1. Social Robots Ep1


    from FreshlySharpened.com / Added

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    This video gives an introduction into the Social Robots Exhibit at The Tech Museum of Innovation.

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    • LIREC: explaining migration


      from Lirec / Added

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      How the LIREC project explored the idea of robots migrating from one embodiement to the next.

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      • Inventing the Future, Ep. 1 - "Wanted: Coach. Companion. Robot."


        from USC Viterbi / Added

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        There are 800,000 new stroke victims every year. That number will double in the next 20 years. The question is: who will take care of these patients? Imagine a robot — one that can be purchased for the price of a high-end laptop — that never gets tired, never gets impatient, that responds to all of your moods. Monitoring, coaching, motivating.  A  24/7 companion. These aren't robots that will replace human care — these are robots that will bridge the gaps in human care. Find out more about robotics at USC Viterbi: http://cres.usc.edu/Home/

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        • Ollie


          from Pritika Nilaratna / Added

          63.7K Plays / / 2 Comments

          Robotics increasingly pervade our everyday lives. Machine-human interaction has the potential to be both poetic and ubiquitous. Ollie, the autonomous robotic blimp, is a demonstration of the creative capabilities of robots as inhabitants of our society, breaking the stereotype of the servile robot. Ollie is observant, often flying in a manner suggesting curiosity for the world around him. Ollie reacts to voices by excitedly flapping his wings, communicating his friendliness and eagerness to be noticed. The technology behind Ollie is open source and available to artists, Do-it-yourself enthusiasts and students to further encourage creative computing and collaboration. Website www.meandollie.com Music "Sawmill" by Gurdonark dig.ccmixter.org/​dig?user=gurdonark ©Pritika Nilaratna 2011

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          • Teleoperated Nexi


            from Jin Joo Lee / Added

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            When meeting someone for the first time, we can walk away with a sense of how much we trust that person from our brief interaction. Beyond the contents of the conversation, we can intuitively feel and answer "How much can I trust this person?" This intuition to evaluate trustworthiness in others could possibly stem from non-verbal cues. More specifically, mimicry has been proposed to have an adaptive value with respect to social learning and bonding, which may foster empathy and affiliative tendencies. Mimicking the postures and mannerisms of an interaction partner may allow a person to embody that partner’s emotions/goals/motivations—leading to more accurate intuitions about trustworthiness. The Human-Robot-Trust (HRT) project in conjunction with Northeastern University and Cornell University is investigating non-conscious mimicry as a powerful cue that can reveal information about trustworthiness not only between humans but also between robots and humans. In using robots, we can investigate whether this behavior can translate and replicate onto humanoid robots. And also by using a robotic system, we can take advantage of its controlled behavior to advance our understanding of mimicry and its role in trust. For this research, we have developed a system that allows remote robot operators to have a conversation with a person through the robot while simultaneously controlling the robot’s movement as effortlessly as possible. In order to achieve a natural social interaction as possible, the components of our system combines various fully-autonomous and semi-autonomous interfaces to teleoperate our humanoid robot, Nexi.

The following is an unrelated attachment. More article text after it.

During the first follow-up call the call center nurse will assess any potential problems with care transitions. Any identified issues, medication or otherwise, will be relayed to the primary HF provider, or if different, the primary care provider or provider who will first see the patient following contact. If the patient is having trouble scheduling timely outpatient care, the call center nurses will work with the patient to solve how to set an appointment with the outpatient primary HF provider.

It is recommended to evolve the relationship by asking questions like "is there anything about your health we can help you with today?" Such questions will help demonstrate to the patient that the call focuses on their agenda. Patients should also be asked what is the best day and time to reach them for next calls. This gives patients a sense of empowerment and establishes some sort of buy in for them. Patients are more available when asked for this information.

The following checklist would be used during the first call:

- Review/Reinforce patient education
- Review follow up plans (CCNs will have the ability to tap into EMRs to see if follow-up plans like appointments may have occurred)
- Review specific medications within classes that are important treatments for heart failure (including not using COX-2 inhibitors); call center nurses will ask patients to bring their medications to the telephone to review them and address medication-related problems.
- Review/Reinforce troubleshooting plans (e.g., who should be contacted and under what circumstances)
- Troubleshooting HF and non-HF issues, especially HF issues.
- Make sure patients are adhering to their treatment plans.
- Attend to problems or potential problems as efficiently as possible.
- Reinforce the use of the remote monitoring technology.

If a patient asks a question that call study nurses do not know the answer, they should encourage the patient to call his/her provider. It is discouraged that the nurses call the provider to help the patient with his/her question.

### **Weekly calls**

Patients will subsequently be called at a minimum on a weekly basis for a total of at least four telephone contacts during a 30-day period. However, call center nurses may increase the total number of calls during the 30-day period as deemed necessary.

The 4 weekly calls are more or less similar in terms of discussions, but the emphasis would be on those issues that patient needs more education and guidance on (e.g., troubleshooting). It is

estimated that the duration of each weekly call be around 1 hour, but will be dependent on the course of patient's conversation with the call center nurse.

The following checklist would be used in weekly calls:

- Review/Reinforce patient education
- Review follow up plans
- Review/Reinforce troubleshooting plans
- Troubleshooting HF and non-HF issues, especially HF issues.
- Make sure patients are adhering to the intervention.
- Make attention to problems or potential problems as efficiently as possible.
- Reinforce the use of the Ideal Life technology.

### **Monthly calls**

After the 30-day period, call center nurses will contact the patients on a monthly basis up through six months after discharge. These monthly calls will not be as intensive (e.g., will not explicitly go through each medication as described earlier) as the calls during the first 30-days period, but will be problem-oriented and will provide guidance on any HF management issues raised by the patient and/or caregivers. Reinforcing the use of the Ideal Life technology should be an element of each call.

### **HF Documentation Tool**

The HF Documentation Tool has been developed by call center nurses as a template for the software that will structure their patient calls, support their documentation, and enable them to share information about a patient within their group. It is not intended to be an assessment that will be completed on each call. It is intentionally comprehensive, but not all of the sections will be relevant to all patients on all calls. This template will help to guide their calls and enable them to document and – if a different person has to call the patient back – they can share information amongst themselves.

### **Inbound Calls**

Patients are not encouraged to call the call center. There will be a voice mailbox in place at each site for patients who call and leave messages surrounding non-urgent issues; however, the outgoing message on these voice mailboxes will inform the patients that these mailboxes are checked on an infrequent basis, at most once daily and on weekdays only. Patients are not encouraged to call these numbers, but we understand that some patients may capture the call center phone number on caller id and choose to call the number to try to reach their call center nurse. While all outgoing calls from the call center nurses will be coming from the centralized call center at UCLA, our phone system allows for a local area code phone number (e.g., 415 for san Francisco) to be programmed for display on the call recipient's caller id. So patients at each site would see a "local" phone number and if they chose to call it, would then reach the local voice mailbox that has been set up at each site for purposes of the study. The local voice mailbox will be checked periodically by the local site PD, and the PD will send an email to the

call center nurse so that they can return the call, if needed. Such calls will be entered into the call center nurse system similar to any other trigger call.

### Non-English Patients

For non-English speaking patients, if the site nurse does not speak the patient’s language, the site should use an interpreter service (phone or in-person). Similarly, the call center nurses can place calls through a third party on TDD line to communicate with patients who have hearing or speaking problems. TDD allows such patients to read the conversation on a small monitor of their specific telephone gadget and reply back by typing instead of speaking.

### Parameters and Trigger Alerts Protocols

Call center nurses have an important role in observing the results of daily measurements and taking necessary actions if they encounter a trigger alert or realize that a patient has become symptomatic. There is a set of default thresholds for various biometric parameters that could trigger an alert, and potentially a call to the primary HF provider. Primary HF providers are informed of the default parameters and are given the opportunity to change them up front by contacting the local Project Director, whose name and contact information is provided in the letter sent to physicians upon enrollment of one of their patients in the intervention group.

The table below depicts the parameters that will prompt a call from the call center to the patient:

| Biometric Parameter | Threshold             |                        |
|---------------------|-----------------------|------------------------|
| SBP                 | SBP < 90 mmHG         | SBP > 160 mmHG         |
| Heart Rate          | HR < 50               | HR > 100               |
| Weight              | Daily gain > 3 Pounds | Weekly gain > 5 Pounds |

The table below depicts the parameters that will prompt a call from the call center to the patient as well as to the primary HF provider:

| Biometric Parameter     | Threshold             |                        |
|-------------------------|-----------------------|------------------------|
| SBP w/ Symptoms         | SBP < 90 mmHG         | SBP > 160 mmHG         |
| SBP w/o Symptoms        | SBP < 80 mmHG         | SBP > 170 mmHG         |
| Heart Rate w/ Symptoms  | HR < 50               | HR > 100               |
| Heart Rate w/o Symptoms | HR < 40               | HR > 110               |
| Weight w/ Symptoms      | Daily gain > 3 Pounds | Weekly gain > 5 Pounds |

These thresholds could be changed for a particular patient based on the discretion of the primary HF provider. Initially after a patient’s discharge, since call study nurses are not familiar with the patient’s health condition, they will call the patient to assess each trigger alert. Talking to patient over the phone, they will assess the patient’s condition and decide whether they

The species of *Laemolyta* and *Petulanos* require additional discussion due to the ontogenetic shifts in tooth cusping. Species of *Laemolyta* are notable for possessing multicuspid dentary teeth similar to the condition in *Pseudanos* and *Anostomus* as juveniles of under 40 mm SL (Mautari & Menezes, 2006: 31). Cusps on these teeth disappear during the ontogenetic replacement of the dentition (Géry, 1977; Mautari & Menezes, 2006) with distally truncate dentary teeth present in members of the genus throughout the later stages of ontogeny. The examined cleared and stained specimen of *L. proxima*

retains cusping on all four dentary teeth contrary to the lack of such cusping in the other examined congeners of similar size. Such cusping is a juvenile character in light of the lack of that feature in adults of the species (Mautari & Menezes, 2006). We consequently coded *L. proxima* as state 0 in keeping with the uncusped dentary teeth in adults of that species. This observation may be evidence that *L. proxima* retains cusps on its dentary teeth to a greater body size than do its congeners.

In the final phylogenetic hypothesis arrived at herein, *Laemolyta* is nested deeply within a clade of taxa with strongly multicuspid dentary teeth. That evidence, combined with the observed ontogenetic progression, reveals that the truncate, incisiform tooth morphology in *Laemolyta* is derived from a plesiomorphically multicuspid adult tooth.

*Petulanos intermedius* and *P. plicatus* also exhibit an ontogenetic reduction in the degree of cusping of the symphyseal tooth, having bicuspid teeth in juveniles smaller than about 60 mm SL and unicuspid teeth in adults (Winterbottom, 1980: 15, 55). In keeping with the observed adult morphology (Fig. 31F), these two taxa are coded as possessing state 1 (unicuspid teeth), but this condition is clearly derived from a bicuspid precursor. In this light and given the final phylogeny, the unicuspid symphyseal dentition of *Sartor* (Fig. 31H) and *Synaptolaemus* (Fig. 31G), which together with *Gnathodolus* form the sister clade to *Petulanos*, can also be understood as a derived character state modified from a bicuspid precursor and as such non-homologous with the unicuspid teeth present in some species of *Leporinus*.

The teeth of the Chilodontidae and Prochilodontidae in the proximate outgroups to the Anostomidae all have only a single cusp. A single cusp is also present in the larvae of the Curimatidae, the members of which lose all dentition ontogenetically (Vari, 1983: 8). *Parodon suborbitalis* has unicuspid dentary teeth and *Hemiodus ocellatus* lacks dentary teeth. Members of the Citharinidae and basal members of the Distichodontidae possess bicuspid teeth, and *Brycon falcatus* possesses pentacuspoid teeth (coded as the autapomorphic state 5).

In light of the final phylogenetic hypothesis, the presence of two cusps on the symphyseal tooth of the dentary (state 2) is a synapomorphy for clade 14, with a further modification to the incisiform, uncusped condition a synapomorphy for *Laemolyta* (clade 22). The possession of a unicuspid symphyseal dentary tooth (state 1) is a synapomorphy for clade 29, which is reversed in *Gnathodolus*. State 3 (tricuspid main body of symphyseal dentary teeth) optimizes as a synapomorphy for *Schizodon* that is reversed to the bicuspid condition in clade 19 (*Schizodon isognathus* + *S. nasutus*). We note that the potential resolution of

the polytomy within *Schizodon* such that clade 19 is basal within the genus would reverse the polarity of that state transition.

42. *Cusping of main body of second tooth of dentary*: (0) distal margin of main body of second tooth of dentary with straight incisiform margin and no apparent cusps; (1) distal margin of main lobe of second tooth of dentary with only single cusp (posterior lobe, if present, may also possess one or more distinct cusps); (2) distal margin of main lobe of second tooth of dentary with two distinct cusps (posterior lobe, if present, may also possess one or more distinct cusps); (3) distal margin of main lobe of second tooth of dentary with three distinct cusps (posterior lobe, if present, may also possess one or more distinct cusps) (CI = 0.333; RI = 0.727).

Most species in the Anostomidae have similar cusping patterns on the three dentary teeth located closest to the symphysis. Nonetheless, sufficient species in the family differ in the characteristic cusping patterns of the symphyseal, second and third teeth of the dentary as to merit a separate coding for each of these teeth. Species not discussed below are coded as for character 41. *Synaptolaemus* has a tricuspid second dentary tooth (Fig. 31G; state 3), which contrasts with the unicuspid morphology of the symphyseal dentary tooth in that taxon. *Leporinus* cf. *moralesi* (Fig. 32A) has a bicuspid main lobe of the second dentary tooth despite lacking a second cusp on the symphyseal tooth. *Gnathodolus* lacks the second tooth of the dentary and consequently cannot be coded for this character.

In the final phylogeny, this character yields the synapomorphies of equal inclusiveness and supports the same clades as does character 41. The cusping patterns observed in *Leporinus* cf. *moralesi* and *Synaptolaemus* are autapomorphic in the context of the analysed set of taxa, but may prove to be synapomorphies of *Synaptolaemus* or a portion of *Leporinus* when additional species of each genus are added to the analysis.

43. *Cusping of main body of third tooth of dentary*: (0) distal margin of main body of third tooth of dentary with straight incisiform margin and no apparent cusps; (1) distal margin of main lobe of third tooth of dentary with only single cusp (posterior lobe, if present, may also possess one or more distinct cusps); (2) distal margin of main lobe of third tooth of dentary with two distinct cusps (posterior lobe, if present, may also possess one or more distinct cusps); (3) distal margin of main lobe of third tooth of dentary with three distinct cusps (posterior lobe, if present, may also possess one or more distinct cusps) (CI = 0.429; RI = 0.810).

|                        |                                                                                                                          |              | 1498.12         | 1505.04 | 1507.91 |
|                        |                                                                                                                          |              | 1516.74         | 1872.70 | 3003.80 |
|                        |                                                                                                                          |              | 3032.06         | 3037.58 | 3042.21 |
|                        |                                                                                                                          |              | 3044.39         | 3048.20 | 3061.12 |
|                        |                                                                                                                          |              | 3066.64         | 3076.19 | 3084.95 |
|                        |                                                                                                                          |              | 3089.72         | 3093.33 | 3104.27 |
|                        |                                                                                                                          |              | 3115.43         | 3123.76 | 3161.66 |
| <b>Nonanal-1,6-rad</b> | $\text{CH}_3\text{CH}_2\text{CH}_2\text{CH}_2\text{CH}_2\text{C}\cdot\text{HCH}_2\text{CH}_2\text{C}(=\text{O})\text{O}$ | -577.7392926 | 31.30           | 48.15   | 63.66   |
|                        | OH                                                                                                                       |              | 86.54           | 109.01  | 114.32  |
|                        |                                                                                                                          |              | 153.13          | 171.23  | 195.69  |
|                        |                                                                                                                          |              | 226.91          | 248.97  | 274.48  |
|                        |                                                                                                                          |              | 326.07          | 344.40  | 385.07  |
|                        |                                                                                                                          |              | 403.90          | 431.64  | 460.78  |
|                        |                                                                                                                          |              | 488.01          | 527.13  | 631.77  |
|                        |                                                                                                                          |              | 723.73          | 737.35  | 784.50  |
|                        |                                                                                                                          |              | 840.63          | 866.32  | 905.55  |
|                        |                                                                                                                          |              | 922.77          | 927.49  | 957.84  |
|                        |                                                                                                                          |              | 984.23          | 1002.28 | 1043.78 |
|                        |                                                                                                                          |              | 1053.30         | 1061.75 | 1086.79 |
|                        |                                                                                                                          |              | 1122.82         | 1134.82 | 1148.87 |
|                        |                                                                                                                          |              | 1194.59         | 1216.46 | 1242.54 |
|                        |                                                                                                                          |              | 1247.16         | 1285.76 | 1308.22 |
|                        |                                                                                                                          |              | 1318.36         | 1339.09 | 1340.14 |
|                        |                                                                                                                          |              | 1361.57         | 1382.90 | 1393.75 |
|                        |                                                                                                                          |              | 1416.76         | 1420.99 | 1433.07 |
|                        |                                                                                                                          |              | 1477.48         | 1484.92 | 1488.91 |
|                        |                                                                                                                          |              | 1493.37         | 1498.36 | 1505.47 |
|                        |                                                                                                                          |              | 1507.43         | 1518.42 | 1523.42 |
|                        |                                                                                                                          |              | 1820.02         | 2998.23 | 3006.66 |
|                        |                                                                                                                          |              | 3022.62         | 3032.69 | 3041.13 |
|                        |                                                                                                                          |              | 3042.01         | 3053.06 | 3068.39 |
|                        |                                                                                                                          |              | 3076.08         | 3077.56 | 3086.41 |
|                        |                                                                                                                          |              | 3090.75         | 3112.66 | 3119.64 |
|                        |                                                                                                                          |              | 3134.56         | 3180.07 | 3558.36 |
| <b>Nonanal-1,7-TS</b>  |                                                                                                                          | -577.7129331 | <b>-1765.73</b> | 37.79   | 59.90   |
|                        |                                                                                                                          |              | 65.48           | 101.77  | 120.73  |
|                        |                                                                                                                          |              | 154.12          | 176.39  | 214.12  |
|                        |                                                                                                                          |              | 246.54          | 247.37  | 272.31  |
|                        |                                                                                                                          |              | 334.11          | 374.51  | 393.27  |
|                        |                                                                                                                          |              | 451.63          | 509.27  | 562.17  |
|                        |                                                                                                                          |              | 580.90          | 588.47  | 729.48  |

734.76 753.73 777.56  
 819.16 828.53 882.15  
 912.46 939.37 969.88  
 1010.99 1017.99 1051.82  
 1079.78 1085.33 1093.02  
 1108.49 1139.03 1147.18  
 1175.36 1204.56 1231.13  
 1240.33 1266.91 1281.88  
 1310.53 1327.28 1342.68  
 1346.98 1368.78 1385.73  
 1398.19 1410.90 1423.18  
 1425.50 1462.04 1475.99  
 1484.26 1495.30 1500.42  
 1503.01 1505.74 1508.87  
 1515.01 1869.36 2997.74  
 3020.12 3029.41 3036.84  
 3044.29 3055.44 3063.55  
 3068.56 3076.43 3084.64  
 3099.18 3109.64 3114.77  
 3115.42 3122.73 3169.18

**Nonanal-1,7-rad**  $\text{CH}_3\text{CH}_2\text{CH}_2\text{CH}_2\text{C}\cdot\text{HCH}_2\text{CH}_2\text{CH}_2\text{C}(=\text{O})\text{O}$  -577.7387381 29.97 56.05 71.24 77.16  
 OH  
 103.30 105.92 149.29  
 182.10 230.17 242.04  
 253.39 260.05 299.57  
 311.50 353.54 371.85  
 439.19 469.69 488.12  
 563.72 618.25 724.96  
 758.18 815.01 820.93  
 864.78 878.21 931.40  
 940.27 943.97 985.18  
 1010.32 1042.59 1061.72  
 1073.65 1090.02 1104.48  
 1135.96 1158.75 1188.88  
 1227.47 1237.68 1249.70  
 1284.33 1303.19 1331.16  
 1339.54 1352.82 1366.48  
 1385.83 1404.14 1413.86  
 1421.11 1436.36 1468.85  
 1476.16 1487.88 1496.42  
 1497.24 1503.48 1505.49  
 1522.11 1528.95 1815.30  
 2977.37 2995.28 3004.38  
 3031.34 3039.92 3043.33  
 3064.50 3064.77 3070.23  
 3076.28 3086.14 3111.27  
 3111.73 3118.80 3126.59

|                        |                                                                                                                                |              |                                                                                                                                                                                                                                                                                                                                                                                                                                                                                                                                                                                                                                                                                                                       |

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            • Modeling the Dynamics of Social Interactions to Design for More Effective Human-Robot Interactions


              from Jin Joo Lee / Added

              184 Plays / / 0 Comments

              Much like a personal computer, robots can become a technology that is a part of our daily lives. And as robots began to interact with us, they need to be capable of perceiving and understanding our social nuances to effectively communicate with us. For my Masters Thesis, I am exploring nonverbal cues to design robots capable of “socially synching.” Research in human social psychology has found that mimicry and synchronous movement behavior are building blocks in fostering trust and rapport between people. To model such behaviors, we need a full-body digital perception of how people move in a social interaction. By using motion capture technology like the Xbox kinect, we can track the body movements of people. And through this head to toe representation, we can model the dynamics of social interactions between people in order to design for more effective human-robot interactions.

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